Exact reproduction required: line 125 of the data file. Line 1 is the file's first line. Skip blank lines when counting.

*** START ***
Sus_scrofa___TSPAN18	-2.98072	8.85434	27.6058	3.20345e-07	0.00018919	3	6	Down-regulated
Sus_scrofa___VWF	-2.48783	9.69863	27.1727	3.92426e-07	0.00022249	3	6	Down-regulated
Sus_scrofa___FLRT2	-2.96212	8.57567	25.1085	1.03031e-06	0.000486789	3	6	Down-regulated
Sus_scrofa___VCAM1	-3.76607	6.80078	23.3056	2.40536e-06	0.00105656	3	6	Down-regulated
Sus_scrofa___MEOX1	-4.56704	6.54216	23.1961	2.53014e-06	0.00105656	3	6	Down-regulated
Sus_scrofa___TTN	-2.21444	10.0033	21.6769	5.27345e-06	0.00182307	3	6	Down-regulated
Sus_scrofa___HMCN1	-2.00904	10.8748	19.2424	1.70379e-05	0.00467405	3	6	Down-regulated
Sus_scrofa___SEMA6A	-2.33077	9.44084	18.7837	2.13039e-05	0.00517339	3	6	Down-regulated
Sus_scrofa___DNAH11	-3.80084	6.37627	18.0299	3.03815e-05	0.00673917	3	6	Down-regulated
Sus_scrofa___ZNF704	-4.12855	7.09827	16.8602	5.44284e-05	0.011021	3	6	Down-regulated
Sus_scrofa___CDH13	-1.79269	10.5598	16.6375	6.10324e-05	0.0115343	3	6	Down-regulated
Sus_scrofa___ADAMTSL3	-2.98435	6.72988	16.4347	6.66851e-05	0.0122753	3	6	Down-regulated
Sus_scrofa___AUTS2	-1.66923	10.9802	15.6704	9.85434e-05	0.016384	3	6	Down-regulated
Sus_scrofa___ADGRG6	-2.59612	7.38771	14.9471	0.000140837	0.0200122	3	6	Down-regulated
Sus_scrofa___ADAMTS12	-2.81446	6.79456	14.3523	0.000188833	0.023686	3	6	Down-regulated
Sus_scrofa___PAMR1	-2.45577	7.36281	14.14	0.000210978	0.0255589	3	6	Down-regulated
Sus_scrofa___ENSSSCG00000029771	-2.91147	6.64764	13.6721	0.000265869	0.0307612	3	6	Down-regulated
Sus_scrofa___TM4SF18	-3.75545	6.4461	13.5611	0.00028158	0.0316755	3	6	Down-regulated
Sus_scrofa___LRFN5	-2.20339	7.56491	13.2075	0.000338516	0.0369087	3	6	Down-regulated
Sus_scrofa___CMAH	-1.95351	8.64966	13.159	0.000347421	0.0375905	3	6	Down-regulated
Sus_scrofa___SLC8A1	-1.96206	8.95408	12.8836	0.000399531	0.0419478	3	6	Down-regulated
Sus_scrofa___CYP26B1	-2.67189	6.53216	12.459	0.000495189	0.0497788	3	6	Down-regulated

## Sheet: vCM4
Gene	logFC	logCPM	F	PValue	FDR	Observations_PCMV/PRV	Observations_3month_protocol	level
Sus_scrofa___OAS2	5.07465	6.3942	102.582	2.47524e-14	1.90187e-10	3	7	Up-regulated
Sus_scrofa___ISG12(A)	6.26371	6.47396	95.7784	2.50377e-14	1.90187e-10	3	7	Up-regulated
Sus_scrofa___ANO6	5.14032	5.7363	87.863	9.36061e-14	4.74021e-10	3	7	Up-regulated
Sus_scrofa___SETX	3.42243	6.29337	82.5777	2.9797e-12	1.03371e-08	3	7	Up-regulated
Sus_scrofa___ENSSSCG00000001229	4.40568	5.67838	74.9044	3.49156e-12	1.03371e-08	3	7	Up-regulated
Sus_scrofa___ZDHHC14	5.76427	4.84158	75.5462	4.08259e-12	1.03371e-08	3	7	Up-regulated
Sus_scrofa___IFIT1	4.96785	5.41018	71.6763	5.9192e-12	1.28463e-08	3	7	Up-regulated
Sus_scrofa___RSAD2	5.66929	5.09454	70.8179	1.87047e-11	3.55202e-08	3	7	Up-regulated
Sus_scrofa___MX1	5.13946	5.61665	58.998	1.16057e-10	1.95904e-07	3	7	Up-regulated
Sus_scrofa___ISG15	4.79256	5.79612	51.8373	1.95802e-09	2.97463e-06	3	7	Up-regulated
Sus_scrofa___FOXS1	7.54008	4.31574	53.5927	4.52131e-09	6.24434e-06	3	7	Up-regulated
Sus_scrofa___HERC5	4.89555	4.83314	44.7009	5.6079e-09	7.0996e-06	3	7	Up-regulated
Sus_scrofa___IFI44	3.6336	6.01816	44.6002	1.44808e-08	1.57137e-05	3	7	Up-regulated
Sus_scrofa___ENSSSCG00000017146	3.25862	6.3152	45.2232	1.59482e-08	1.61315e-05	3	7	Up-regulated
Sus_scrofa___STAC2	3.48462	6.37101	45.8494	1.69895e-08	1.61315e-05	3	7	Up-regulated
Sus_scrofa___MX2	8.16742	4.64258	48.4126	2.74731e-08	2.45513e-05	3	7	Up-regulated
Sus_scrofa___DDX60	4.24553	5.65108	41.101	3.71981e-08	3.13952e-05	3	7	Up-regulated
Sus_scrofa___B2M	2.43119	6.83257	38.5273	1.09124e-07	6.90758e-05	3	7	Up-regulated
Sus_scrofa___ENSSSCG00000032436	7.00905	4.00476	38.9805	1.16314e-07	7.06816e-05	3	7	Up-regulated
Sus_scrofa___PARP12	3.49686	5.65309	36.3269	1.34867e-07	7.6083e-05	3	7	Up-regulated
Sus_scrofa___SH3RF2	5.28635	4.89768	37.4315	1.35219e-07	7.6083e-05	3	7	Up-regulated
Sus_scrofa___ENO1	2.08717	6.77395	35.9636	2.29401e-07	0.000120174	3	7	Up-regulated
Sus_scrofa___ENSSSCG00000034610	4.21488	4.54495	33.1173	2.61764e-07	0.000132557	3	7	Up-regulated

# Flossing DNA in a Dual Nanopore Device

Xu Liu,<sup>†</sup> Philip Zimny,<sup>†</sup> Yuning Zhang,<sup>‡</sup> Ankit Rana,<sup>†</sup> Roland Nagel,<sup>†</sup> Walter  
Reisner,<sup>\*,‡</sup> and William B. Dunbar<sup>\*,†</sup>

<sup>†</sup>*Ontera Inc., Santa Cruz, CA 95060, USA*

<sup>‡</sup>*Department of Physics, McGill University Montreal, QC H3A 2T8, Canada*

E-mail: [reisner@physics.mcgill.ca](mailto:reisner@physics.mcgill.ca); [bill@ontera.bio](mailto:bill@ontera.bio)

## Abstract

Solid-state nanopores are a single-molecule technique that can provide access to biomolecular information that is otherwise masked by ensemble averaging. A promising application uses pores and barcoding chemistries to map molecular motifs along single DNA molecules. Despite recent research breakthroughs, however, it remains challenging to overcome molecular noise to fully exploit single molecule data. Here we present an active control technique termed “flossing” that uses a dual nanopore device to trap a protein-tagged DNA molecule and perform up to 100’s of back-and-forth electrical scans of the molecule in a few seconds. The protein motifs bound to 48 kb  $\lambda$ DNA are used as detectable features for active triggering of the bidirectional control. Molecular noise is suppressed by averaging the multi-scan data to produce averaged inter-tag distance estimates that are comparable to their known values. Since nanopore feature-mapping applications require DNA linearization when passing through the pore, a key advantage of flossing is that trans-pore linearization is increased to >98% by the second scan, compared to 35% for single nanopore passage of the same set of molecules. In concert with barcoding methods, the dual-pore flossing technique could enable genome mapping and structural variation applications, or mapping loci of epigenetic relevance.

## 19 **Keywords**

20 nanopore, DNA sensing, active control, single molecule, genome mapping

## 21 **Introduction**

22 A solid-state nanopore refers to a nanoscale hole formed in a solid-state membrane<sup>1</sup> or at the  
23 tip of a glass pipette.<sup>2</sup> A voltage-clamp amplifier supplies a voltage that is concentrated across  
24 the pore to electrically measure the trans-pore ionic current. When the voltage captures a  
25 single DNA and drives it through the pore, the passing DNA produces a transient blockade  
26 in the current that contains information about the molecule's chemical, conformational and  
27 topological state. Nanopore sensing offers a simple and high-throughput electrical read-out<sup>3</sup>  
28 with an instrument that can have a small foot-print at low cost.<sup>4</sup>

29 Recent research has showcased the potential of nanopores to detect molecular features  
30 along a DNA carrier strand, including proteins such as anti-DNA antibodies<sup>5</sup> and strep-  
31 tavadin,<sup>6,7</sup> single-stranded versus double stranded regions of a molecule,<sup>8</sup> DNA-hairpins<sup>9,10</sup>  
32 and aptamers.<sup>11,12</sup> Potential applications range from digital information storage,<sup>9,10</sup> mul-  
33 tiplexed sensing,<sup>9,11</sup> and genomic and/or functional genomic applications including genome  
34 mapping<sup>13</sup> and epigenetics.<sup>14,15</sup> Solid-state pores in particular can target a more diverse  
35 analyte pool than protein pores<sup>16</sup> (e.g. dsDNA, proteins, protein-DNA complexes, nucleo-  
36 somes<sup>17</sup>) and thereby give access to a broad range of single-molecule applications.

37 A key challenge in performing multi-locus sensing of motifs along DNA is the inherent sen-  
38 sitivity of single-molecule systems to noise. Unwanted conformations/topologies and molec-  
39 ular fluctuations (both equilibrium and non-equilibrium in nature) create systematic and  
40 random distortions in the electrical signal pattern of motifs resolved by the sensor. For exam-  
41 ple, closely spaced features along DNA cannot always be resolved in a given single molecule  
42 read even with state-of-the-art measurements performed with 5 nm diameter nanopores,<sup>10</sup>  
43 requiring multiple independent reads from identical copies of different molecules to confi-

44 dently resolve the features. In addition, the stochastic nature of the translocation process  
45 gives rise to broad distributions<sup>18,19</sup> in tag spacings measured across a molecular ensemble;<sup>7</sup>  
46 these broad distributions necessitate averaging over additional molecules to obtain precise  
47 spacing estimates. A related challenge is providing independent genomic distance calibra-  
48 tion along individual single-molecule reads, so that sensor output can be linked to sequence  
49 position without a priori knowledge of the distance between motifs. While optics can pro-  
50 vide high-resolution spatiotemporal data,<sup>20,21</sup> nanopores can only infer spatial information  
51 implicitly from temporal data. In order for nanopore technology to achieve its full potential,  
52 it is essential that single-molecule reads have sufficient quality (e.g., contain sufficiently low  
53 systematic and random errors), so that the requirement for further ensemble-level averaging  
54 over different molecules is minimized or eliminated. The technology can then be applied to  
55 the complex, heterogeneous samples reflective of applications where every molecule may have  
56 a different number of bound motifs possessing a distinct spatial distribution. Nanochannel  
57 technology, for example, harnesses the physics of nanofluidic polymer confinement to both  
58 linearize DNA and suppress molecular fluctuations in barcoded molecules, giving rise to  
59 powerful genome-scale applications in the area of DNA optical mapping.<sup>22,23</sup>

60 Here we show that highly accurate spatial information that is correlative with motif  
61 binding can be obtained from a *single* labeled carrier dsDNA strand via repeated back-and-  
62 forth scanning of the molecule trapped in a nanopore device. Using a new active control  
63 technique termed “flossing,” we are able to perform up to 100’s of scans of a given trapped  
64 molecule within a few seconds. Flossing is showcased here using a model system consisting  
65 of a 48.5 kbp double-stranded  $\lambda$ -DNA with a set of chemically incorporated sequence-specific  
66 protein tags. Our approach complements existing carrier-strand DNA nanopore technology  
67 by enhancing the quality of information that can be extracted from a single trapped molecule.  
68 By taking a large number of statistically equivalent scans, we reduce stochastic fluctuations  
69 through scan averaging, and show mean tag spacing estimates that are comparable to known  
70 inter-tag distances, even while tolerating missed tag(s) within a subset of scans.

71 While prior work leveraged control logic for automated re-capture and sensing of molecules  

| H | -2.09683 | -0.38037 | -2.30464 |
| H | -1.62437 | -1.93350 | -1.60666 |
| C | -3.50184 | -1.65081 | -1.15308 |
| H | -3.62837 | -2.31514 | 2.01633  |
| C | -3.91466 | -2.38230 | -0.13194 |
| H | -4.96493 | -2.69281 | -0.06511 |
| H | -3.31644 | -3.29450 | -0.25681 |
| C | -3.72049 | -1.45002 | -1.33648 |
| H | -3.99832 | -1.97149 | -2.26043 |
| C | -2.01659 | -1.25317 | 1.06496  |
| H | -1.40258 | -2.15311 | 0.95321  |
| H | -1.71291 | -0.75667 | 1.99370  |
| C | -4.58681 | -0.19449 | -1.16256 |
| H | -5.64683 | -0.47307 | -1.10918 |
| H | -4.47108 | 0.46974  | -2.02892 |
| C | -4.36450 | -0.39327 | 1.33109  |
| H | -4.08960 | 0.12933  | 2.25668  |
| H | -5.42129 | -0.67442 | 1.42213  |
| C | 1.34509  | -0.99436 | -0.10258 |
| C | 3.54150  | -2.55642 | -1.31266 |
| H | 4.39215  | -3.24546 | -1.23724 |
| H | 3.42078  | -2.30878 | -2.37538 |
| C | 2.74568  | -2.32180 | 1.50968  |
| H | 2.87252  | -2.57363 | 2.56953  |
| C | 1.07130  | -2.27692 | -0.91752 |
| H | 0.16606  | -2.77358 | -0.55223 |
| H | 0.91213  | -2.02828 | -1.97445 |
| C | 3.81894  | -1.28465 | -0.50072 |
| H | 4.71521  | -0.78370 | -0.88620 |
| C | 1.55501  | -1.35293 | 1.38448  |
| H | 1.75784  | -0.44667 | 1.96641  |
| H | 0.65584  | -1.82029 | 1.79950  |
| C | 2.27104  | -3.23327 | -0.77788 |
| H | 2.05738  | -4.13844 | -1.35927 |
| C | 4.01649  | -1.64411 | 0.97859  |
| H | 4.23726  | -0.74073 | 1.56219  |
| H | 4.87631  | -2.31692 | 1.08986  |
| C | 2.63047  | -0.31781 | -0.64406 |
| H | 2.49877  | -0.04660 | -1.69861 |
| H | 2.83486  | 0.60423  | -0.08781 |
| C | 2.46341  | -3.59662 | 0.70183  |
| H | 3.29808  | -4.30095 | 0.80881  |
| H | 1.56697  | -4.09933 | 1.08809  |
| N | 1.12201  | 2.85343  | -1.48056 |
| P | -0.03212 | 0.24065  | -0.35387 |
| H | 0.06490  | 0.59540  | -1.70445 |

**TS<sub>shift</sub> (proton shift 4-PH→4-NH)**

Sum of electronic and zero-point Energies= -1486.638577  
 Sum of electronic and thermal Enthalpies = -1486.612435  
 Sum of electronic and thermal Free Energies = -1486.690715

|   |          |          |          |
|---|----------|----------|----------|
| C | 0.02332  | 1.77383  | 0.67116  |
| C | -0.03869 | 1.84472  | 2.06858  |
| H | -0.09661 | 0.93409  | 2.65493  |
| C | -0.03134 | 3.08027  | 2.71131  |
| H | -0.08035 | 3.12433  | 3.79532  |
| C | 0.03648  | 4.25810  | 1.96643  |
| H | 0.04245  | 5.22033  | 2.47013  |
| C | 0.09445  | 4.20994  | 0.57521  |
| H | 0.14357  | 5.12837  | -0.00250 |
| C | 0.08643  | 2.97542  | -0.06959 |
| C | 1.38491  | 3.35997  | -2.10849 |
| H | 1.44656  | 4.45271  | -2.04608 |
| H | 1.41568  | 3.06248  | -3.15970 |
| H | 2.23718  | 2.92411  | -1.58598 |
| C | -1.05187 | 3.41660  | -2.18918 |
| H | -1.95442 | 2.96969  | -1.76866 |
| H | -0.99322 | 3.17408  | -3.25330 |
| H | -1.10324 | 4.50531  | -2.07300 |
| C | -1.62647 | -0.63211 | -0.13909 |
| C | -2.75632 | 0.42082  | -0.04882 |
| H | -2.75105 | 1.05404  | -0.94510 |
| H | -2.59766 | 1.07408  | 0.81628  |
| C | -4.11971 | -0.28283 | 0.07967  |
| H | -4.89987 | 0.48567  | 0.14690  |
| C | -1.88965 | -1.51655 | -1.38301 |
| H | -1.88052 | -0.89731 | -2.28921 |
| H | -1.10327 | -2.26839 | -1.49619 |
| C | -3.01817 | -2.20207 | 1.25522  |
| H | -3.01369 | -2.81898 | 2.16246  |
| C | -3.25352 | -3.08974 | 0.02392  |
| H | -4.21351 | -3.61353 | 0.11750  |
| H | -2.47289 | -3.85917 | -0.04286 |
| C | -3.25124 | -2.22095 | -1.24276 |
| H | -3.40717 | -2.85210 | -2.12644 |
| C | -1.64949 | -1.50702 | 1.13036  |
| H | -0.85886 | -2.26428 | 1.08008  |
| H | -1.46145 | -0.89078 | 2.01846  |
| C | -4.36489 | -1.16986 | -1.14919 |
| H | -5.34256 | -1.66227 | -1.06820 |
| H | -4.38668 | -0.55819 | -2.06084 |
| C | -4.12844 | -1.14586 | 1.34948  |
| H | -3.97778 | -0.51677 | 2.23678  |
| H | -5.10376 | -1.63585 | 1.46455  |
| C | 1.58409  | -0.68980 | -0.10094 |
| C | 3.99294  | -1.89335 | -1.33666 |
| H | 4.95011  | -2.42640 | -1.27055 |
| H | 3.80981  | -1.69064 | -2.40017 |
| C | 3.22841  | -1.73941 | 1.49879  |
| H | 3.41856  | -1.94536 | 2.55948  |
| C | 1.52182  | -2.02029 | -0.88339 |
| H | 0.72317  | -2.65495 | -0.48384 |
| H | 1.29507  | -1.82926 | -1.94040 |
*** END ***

| H | -4.08960 | 0.12933  | 2.25668  |